# If FBG is 5.6 mmol/L, a glucose tolerance test is strongly recommended, but is not necessary to define the syndrome.

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At present, cases should be assessed on an individual basis. A pragmatic approach is that, in the absence of features to suggest more severe liver disease, a period of lifestyle modification (increased physical activity, dietary modification to achieve some weight loss) for 3-6 months is recommended first. If this is associated with normalisation of ALT or resolution of US findings, this removes the imperative to proceed with a liver biopsy. Consideration of liver biopsy can also be given to those with risk factors for cirrhosis, as outlined in Box 2. Laparoscopic cholecystectomy and bariatric surgery provide opportunities to obtain a liver biopsy under safer and more acceptable circumstances for patients with suspected fatty liver disease.

WHEN TO REFER TO A SPECIALIST

The usual reasons to consider specialist referral are:

• The diagnosis is not certain

• The GP or patient is concerned about the severity of liver disease

• Advice is required about pharmacological management of associated conditions or liver complications

• More complex management decisions are needed, for example, obesity therapy, or drug treatment of type 2 diabetes

SOME ASSOCIATED DISORDERS, AND HOW TO DEAL WITH THEM

The common medical disorders associated with NAFLD are obesity, type 2 diabetes, hyperlipidaemias and cardiovascular disease, including hypertension and coronary heart disease.

The practitioner should also bear in mind that insulin resistance, the key risk factor for NAFLD, also increases the risk of breast, colon and several other cancers, enhancing the need to implement appropriate cancer screening tests. A few simple principles can guide the general practitioner concerned about fatty liver disease in a person with metabolic disorders.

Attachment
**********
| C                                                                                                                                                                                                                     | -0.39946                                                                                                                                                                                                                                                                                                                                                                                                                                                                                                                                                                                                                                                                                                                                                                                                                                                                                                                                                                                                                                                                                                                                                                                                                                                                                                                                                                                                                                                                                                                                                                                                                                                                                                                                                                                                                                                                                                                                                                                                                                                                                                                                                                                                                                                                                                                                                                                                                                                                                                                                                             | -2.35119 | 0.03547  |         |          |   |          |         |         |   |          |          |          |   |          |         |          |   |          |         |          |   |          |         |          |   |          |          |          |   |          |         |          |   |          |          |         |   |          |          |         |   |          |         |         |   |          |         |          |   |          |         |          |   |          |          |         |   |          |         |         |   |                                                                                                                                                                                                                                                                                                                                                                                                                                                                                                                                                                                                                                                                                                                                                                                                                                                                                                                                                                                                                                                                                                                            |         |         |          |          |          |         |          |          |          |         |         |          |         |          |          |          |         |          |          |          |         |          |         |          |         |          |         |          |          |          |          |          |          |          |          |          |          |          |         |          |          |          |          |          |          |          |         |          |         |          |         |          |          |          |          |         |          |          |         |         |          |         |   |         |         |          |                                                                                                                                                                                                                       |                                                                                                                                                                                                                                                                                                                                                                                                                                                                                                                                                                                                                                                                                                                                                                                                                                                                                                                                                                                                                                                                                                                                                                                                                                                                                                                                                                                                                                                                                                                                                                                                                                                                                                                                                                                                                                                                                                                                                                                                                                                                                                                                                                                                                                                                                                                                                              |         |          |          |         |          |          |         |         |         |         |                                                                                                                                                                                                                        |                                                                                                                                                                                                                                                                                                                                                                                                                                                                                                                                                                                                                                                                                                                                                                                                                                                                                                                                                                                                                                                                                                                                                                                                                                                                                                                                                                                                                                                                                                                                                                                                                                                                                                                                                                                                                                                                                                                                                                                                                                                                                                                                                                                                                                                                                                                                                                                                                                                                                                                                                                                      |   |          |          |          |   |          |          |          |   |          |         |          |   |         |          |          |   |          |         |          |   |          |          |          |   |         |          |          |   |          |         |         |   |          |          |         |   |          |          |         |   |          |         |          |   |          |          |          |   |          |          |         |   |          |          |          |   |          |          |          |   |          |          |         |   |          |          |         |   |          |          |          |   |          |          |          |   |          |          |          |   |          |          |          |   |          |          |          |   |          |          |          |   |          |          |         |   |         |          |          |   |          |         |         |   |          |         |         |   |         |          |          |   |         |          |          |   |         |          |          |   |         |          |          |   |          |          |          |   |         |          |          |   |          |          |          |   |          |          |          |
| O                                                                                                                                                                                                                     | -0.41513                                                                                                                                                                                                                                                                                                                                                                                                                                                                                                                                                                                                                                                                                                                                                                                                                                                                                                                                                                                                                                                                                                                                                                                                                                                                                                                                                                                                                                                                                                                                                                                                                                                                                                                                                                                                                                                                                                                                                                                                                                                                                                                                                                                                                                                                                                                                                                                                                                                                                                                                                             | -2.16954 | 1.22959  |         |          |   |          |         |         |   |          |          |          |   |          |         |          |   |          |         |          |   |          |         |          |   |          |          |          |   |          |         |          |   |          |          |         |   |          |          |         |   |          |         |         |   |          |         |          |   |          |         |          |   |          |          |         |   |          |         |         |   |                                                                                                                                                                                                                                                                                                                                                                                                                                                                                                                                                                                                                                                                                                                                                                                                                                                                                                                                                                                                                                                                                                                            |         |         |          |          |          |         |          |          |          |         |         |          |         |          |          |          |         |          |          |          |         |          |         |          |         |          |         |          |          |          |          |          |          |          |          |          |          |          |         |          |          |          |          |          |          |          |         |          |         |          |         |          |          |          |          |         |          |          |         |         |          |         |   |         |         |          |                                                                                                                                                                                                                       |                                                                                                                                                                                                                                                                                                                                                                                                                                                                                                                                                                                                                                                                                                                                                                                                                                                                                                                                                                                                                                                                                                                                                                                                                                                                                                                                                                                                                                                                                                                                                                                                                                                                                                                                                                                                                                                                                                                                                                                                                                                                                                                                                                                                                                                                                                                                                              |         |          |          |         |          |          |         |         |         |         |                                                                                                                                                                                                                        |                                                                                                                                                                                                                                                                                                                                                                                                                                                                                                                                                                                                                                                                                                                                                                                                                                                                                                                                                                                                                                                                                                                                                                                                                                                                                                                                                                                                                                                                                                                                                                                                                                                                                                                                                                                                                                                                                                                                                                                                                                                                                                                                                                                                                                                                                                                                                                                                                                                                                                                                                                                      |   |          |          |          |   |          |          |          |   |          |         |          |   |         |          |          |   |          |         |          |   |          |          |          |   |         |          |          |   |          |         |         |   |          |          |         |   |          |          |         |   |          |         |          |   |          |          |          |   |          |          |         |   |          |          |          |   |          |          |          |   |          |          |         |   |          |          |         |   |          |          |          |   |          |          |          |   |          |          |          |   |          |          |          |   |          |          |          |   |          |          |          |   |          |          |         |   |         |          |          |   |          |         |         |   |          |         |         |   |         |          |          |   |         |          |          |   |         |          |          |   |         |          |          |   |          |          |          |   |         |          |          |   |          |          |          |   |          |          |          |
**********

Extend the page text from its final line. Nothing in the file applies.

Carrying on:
Overweight and obesity. Correction of these predisposing conditions is the essence of intervention against fatty liver diseases. The presence of NAFLD should only strengthen the resolve of affected persons and their GP to do something about the underlying weight and lifestyle issues. The presence of liver disease should not impact on therapy for obesity, including use of lipase inhibitors (which can improve liver disease) and consideration of bariatric surgery. In some circumstances, interventions that reverse obesity can cure diabetes, metabolic syndrome and NASH. A specialist can provide guidance as to the likely severity of NAFLD in individual cases, and whether more invasive investigation (such as liver biopsy) is advisable before surgery.

Type 2 diabetes should be managed on usual lines, with careful attention to correction of visceral obesity, inactivity and hyperlipidaemia, as well as glycaemic control. While there are no agreed guidelines on selection of pharmacotherapy for poorly controlled diabetes in a person with NAFLD, diabetologists and primary care physicians may want to consider use of a thiolidazinedione (‘glitazone’) for possible additional benefits against NASH (discussed later). Consultation with a gastroenterologist/hepatologist could be useful. Most anti-diabetic agents have rarely (less than one

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case per 10,000 persons exposed) been associated with instances of drug-induced liver injury. It is therefore important to note that underlying liver disease does NOT increase the risk of drug-induced liver disease.

Hyperlipidaemia. Hypertriglyceridaemia should respond to dietary and lifestyle modification. If not, a fibrate such as gemfibrozil can be considered (but not in combination with a ‘statin’). If hypercholesterolaemia is also present, this should be treated with a ‘statin’ if appropriate dietary measures failure to correct the abnormality. The indication for drug intervention is stronger if there are other cardiovascular risk factors (smoking, hypertension, diabetes, family history).

As for antidiabetic drugs, the presence of abnormal liver tests does NOT increase the very low risk of adverse hepatic reactions to statins. Further, hepatologists no longer recommend frequent ALT monitoring in persons taking statins, even those with NAFLD, because elevations are nearly always transient and do not predict more significant liver injury.

Hypertension, cardiovascular disorders. These should be treated along the usual lines. The presence of NAFLD or even NASH is not a contraindication to drug therapy or interventions required for coronary heart disease, other than that the risk of post-operative complications after cardiac by-pass surgery is increased for someone with cirrhosis.